Albums of the year 2022

The best albums of 2022, as voted by The Forty-Five team

The music industry hasn’t been without its challenges this year but in the midst of tour cancellations, cost-of-living crisis and lots of less-than-encouraging news, some truly stunning work has been created: albums that attempt to make sense of the troubled times we live in, that capture the zeitgeist or just provide an hour of much-needed escapism. As ever, attempting to rank them has been a near-impossible task but with the help of our network of esteemed writers and creatives, we’ve drawn up a list that we think honours the best of the best. Hopefully, you’ll find something in here that you haven’t heard or can use our list to revisit some of your favourite albums of 2022. Enjoy!

45Niki – ‘Nicole’

For most of us, looking back at our teenage selves would be a cringe-inducing nightmare – unless you’re NIKI who, her latest album ‘Nicole’ revealed, spent her youth writing brilliantly melodramatic indie-pop about the trials of coming of age. A mix of old songs revisited and new tracks written in the spirit of her younger self, NIKI’s second album was a dazzling tribute to getting through those trials. Rhian Daly

Read our interview with NIKI

44Lowertown – ‘I Love To Lie’

Atlanta duo Olivia Osby and Avsha Weinberg have been crafting songs that pushed the boundaries of their bedroom pop beginnings for a while now. But on their Lowertown debut, they made a record that strode forward in leaps and bounds, veering between scrappy indie on ‘Bucktooth’, to an introverted stream-of-consciousness on ‘It’s It’s It’s’ to frenzied cacophony on ‘I’m Not’. Alison Craig.

Read our interview with Lowertown

43Beabadoobee – ‘Beatopia’

Beabadoobee Beatopia album cover

Fleshing out the titular fictional world that a young Bea Kristi had conjured up as a form of escape, ‘Beatopia’ often dealt in a similarly dream-like palette. With intimate bossa nova beats on ‘the perfect pair’, and a swirling, heady high on ‘See you Soon’, it broke down the pure ‘90s grunge nostalgia of her debut, broadening Beabadoobee’s scope and proving she was always more than just a revivalist. Alison Craig

42Big Joanie – ‘Back Home’

With an album that draws from influences are far reaching as Riot Grrl to The Pixies, Big Joanie‘s long-awaited debut LP was an experimental full-length that blended punchy power chords with soaring synths and strings. “I’ve compromised too many times in my life, sang Stephanie Philips on ‘Into My Arms’, a moment of vulnerability on an album oozing with DIY ferocity. Charlotte Gunn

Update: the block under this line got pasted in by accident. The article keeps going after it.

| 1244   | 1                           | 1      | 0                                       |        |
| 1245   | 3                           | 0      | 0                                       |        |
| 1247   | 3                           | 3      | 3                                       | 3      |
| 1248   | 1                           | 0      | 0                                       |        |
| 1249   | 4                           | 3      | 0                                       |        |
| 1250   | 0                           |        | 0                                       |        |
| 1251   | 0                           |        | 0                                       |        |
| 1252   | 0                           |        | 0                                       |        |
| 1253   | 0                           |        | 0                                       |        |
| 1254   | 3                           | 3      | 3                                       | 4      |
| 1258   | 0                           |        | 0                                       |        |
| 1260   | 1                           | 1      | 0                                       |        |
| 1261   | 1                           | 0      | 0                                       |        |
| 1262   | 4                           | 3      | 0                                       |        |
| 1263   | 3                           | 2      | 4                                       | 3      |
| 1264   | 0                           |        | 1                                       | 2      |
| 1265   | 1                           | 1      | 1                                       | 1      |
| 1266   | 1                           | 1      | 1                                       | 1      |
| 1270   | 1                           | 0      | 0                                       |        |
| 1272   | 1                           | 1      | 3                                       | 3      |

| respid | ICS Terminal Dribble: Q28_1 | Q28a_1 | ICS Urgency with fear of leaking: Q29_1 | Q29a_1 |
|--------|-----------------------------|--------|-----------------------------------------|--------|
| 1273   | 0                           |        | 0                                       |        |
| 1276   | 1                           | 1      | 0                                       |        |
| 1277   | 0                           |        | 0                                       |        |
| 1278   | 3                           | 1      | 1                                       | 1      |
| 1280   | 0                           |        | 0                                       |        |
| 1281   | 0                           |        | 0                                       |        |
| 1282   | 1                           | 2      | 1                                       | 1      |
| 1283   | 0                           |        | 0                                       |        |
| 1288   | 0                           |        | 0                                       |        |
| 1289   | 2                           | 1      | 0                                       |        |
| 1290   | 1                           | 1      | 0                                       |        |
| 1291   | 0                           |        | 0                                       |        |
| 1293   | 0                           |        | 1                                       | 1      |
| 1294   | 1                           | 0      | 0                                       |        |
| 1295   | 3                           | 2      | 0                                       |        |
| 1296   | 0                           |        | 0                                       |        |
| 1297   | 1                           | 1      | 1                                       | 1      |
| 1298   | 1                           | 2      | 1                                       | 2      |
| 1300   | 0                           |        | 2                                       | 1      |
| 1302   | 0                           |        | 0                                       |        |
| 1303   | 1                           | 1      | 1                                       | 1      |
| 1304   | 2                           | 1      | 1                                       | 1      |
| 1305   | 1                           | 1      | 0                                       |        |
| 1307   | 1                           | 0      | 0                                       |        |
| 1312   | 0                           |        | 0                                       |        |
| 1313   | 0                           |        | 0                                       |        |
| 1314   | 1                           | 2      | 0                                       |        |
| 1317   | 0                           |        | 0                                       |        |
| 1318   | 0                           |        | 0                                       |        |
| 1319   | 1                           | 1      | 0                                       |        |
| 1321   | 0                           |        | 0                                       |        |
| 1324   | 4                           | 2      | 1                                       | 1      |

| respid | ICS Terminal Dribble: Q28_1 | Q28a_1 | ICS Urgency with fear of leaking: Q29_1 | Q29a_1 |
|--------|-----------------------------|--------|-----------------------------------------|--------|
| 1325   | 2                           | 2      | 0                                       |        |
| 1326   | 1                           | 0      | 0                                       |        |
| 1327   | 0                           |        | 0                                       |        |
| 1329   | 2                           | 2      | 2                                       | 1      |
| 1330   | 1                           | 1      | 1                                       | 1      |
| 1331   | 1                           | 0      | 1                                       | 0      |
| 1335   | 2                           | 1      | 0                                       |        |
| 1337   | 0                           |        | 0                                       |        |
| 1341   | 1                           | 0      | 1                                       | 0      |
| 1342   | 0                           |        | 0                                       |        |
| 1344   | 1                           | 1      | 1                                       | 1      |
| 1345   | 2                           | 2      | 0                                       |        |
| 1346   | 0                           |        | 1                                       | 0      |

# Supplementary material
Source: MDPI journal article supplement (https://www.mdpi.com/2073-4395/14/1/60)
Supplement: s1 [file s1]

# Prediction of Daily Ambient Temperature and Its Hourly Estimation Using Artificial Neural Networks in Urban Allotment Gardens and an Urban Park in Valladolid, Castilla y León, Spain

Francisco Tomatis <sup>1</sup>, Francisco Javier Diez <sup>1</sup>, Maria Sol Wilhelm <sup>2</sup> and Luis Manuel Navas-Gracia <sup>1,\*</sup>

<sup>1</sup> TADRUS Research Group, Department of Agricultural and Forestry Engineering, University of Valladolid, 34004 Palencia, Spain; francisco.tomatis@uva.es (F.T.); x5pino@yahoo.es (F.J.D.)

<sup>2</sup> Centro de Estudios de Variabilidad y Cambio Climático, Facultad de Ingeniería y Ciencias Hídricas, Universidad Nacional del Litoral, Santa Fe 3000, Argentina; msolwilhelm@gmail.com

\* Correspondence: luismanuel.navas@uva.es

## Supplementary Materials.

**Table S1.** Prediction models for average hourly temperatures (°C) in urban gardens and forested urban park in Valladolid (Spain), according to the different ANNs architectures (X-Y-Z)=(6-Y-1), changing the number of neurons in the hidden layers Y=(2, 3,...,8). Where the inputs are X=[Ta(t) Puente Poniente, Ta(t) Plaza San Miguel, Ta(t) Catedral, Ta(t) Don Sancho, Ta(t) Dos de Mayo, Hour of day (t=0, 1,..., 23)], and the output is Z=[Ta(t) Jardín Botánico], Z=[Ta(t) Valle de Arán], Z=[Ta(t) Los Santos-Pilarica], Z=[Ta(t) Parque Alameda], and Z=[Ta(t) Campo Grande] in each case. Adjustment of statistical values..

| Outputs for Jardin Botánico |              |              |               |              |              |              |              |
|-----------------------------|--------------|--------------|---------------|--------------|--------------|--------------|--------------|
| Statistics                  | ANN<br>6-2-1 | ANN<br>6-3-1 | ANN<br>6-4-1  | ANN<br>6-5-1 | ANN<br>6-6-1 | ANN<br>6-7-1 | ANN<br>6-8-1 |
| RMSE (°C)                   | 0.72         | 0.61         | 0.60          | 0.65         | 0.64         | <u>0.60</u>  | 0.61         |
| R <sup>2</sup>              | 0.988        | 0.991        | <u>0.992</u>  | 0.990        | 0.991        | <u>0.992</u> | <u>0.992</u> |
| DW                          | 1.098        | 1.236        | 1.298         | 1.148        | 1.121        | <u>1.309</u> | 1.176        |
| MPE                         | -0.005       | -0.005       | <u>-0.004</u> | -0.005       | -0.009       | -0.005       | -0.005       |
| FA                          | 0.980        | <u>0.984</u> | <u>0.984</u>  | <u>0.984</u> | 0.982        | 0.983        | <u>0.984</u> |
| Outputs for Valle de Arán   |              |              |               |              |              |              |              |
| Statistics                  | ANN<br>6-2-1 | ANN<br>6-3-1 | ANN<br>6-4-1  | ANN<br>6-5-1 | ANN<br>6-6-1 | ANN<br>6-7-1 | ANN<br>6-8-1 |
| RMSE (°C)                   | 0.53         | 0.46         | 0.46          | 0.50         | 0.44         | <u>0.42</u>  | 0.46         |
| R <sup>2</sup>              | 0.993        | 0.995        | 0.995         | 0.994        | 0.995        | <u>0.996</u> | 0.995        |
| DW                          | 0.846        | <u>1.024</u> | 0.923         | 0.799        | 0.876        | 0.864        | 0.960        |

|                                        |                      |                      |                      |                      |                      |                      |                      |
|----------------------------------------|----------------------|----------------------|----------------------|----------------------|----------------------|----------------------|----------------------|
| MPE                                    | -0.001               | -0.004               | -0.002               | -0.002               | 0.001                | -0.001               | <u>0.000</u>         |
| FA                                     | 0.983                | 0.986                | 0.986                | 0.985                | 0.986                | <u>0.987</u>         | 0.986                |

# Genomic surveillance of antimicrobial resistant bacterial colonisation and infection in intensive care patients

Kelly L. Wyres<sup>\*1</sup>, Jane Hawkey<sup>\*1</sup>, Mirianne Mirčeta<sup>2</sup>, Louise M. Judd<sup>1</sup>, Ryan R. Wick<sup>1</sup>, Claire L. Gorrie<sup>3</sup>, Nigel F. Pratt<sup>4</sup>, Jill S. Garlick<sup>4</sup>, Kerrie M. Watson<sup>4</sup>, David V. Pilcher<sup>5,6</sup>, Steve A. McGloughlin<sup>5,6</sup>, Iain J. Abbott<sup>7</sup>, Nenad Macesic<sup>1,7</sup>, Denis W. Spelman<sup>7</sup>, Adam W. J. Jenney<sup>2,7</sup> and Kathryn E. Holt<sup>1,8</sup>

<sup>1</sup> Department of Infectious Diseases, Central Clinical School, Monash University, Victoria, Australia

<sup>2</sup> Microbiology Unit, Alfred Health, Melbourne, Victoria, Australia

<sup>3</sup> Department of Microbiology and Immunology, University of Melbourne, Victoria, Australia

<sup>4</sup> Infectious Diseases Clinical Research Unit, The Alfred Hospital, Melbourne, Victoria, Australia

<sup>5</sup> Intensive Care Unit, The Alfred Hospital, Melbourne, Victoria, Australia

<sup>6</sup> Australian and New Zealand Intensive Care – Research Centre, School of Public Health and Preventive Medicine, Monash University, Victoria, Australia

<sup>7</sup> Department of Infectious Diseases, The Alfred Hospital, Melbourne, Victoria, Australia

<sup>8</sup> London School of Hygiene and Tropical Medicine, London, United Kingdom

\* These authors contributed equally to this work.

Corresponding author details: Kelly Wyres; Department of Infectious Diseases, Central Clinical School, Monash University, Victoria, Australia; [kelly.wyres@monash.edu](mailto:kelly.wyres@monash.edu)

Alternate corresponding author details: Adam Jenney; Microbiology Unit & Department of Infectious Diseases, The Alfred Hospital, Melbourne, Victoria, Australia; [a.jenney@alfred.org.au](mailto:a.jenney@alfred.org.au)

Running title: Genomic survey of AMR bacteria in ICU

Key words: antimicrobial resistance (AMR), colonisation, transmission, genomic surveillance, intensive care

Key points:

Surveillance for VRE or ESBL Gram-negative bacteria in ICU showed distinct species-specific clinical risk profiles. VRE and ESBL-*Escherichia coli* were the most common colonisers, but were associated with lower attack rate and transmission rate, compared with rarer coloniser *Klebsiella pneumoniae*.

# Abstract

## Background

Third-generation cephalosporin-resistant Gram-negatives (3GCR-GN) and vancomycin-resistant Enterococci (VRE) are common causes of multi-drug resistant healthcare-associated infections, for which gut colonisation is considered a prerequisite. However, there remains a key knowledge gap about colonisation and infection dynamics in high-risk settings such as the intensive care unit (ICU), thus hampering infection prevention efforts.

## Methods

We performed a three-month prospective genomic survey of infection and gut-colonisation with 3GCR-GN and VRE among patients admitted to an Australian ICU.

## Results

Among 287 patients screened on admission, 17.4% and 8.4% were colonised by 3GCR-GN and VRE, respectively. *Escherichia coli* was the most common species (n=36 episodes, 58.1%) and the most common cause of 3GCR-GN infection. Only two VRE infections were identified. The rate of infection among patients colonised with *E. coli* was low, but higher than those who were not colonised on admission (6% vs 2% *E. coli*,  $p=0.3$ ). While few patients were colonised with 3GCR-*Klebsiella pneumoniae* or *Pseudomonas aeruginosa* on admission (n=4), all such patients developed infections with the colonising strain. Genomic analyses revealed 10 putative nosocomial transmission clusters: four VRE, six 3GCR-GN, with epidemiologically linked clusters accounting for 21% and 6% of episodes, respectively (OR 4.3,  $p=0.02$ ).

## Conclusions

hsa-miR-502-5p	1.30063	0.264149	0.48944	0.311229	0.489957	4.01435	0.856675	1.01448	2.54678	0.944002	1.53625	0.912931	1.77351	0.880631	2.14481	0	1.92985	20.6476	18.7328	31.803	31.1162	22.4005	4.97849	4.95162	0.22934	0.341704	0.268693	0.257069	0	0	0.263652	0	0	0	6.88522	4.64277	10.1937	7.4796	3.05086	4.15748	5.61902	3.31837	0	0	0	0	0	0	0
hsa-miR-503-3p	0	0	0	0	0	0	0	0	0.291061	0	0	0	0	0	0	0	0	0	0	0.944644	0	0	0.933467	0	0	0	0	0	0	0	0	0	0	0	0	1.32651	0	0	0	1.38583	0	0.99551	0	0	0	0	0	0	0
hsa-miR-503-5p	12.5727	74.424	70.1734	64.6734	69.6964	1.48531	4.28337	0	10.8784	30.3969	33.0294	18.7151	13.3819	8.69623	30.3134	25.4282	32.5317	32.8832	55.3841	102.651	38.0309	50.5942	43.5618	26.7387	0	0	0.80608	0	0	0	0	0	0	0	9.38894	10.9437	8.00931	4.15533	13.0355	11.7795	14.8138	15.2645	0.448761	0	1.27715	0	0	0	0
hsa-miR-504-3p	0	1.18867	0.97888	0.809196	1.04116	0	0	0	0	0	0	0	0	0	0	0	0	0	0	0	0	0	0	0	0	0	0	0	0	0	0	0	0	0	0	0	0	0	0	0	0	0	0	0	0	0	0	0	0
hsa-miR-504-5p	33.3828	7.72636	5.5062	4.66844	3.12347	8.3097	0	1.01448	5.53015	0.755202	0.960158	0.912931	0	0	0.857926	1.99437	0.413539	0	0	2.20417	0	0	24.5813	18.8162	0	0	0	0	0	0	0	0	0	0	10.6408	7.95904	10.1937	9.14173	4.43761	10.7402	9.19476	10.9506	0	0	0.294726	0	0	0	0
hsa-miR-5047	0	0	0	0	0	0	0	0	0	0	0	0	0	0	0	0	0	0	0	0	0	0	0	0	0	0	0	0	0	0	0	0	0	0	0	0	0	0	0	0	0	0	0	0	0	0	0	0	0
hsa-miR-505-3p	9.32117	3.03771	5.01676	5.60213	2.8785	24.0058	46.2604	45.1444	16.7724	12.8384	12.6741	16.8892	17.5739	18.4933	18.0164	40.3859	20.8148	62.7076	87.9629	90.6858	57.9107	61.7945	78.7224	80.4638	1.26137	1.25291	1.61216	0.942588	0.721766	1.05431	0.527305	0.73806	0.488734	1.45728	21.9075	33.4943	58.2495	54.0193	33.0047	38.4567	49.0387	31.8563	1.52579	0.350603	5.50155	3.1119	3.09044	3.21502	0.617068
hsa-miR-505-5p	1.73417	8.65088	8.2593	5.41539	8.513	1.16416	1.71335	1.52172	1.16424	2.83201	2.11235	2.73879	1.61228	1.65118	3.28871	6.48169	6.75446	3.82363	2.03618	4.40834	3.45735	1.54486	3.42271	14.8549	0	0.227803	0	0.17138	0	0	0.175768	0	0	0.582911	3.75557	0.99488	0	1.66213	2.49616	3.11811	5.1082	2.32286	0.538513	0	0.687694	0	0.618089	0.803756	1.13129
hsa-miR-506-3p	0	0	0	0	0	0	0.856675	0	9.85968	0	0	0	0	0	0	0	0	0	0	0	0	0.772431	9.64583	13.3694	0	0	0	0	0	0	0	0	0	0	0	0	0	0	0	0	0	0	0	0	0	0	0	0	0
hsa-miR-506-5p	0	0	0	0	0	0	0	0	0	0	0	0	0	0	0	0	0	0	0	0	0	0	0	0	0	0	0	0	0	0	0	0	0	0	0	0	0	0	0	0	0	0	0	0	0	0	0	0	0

Read our interview with Big Joanie

41Horsegirl – ‘Versions of Modern Performance’

To enter Horsegirl’s world on their debut album ‘Versions Of Modern Performance’ was to dive into a labyrinth of riddles and mystery. The trio set those cryptic lyrical tales against an equally compelling web of wiry, jittery indie that felt brilliantly out of step with current trends, whether on the clattering, clanging ‘The Fall Of Horsegirl’ or the chiming opener ‘Anti-glory’. Rhian Daly

40Sorry – ‘Anywhere But Here’

Sorry Anywhere But Here album cover artwork

South London quartet Sorry made one of 2020’s most exciting, idiosyncratic debuts with ‘925’; on its follow-up, the band followed their noses ever-further, crafting a document of the city cloaked in nocturnal unease and strange unpredictability. Teetering between rickety naivety and structural experimentation, it cemented their reputation as the Brixton Windmill scene’s most innovative exports. Alison Craig

39Kae Tempest – ‘The Line Is A Curve’

Kae Tempest‘s fourth album was about release and letting go. Having felt increasingly uncomfortable in the limelight over the years that preceded it, on ‘The Line Is A Curve’, Kae welcomed us into their world, more comfortable in their own skin and sure of themselves as an artist. Produced by Dan Carey and Rick Rubin, it featured contributions and collaborations from the likes of Kevin Abstract, Grian Chatten of Fontaines DC and Liane La Havas across twelve powerful spoken word tracks. Charlotte Gunn.

Listen to Kae talk through the album, track by track in our podcast

38Natalia Lafourcade – ‘De Todas Las Flores’

Following up from 2020 and 2021’s ‘Un Canto Por Mexico Vols. I & II’, Natalia Lafourcade, released her first album of completely original songs in seven years. It was a step away from the more polished work we’d come to expect from the Mexican artist, whose fluidity and bold use of instrumentals meshed together to create truly special work. Charlotte Gunn

37Soccer Mommy – ‘Sometimes, Forever’

Soccer Mommy Sometimes Forever album cover